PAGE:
TILE.BAS uses when creating tile strings. (If you prefer another QBasic  
screen, you must modify the tiling formula in the DISPLAY subroutine.) 
Next comes the demo's three tile strings: TILE1$, the blue-and-gray  
background; TILE2$, the red-brick pattern; and TILE3$, the squiggle pattern. 
The LINE and CIRCLE statements in the next section of TILEDEMO.BAS draw the  
objects.  In QBasic, the fundamental syntax for the outline of a box is as  
   LINE (x1, x2)-(y1, y2), c, b 
where x1 is the distance (in pixels) from the left edge of the screen to the  
upper-left corner of the box; x2 is the distance from the top of the screen;  
y1 is the distance from the right edge of the screen; y2 is the distance from  
the bottom of the screen; the letter c represents a color value from zero  
through 15; and b indicates you are drawing a box rather than a line. 
For screen 9, the display's resolution is 640 pixels across by 350 pixels  
down.  The first screen location is (0,0), so the highest permissible x value  
is 639, and the highest y value is 349. 
For a CIRCLE statement, the basic syntax is as follows: 
   CIRCLE (x, y), r, bc 
where (x, y) provides the coordinates of the center point; r is the radius in  
pixels; and bc is the color value of the border. 
The first LINE statement in TILEDEMO.BAS draws a box at the top of the  
screen.  The next two LINE statements superimpose a large box on a smaller  
box.  The smaller, top box holds explanatory text, and the bottom one holds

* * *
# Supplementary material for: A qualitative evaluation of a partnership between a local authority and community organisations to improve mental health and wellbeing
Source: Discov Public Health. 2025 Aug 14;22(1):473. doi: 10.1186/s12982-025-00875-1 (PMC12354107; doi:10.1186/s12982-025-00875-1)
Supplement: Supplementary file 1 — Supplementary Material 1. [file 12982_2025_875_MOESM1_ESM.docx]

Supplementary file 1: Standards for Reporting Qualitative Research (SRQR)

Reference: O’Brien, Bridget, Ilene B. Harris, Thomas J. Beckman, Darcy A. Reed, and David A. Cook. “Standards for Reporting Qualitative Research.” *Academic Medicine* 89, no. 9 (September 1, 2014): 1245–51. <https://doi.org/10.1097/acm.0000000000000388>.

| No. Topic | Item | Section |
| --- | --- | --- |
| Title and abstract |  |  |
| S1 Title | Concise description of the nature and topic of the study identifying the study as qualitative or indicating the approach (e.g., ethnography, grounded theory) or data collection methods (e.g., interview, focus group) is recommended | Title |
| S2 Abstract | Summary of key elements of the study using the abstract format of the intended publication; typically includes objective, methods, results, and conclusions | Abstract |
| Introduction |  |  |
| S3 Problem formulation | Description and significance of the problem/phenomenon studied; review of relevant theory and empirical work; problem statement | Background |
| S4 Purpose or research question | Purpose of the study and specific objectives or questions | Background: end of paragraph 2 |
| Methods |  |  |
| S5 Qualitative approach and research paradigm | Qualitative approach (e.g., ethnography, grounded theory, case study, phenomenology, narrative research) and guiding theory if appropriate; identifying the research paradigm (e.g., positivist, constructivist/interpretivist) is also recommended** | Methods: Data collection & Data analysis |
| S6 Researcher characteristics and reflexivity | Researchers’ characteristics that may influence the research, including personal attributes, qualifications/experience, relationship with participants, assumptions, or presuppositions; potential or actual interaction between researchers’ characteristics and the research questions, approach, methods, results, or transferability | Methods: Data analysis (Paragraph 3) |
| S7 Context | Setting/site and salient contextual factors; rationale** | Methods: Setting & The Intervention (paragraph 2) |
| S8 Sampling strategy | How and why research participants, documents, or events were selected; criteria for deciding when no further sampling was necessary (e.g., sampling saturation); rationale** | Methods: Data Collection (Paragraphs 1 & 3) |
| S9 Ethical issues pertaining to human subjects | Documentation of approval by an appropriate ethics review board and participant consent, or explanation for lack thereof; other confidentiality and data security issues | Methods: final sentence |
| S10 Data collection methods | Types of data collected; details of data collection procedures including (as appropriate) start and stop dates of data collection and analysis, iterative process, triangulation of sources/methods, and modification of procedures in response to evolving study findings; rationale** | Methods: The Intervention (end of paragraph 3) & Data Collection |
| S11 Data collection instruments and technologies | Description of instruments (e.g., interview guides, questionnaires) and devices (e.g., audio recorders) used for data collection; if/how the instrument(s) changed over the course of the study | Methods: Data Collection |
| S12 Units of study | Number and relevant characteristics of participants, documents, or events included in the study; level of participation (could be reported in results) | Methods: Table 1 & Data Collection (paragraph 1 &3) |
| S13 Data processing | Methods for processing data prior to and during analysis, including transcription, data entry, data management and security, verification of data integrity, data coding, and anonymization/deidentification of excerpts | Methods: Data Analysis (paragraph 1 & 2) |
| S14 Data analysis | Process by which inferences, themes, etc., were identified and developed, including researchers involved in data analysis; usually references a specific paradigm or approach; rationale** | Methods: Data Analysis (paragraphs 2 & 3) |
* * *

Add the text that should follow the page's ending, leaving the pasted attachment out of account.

the red-brick pattern.  The two CIRCLE statements create two concentric  
circles; the doughnut shape holds the pattern; and the hole contains the  
With the screen chosen, tile strings defined, and the object and text in  
place, only one task remains: painting in the tile strings.  QBasic's PAINT  
statement handles the task.  Here's the appropriate syntax: 
   PAINT (x, y), s, c 
where (x, y) provides the screen coordinates of the point where you want to  
start painting; the letter s represents the name of the tile string you want  
to use; and c is the number of the colored border.  (You may omit that value,  
as has been done in TILEDEMO.BAS.) 
The starting point for painting may name any x and y values that fall within  
the object you're painting; QBasic paints the tile string right up to the  
object's boundaries.  Of course, for QBasic to paint a tile string, the  
string must precede the PAINT statement; that's why TILE1$, TILE2$, and  
TILE3$ are placed near the top of TILEDEMO.BAS. 
So far, so good, but what if you want to substitute a different tile string  
for TILEDEMO.BAS's dotted blue-and-gray background?  That's no problem: 
1. Start QBasic, and load a new tile string created with TILE.BAS.  Select  
and copy the tile string. 
2. Load the TILEDEMO.BAS listing into QBasic, then delete the existing tile  
string and or paste the new one into the listing. 
3. Save the program under a different name--perhaps TILEDEM2.BAS--and then  
run the new listing to see the new tile string in action. 
Tiling opens up so many possibilities for improving the look of your QBasic  
programs that you owe yourself a couple of hours of play time with TILE.BAS  


Please note that QBjs is still in early development and support for these examples is extremely experimental (meaning will most likely not work). With that out of the way, give it a try!


🔗 tile, dos world, qbjs